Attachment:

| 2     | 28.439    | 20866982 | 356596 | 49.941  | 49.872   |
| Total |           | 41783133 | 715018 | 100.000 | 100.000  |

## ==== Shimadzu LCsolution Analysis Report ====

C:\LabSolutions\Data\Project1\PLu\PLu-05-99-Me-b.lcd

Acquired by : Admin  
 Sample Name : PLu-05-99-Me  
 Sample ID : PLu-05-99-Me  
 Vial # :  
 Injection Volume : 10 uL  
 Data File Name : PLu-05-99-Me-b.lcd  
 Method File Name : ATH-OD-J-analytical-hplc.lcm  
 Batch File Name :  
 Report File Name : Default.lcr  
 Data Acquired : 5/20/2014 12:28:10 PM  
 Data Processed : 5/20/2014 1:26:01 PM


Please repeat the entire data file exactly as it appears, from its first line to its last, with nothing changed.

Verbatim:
| 2     | 28.439    | 20866982 | 356596 | 49.941  | 49.872   |
| Total |           | 41783133 | 715018 | 100.000 | 100.000  |

## ==== Shimadzu LCsolution Analysis Report ====

C:\LabSolutions\Data\Project1\PLu\PLu-05-99-Me-b.lcd

Acquired by : Admin  
 Sample Name : PLu-05-99-Me  
 Sample ID : PLu-05-99-Me  
 Vial # :  
 Injection Volume : 10 uL  
 Data File Name : PLu-05-99-Me-b.lcd  
 Method File Name : ATH-OD-J-analytical-hplc.lcm  
 Batch File Name :  
 Report File Name : Default.lcr  
 Data Acquired : 5/20/2014 12:28:10 PM  
 Data Processed : 5/20/2014 1:26:01 PM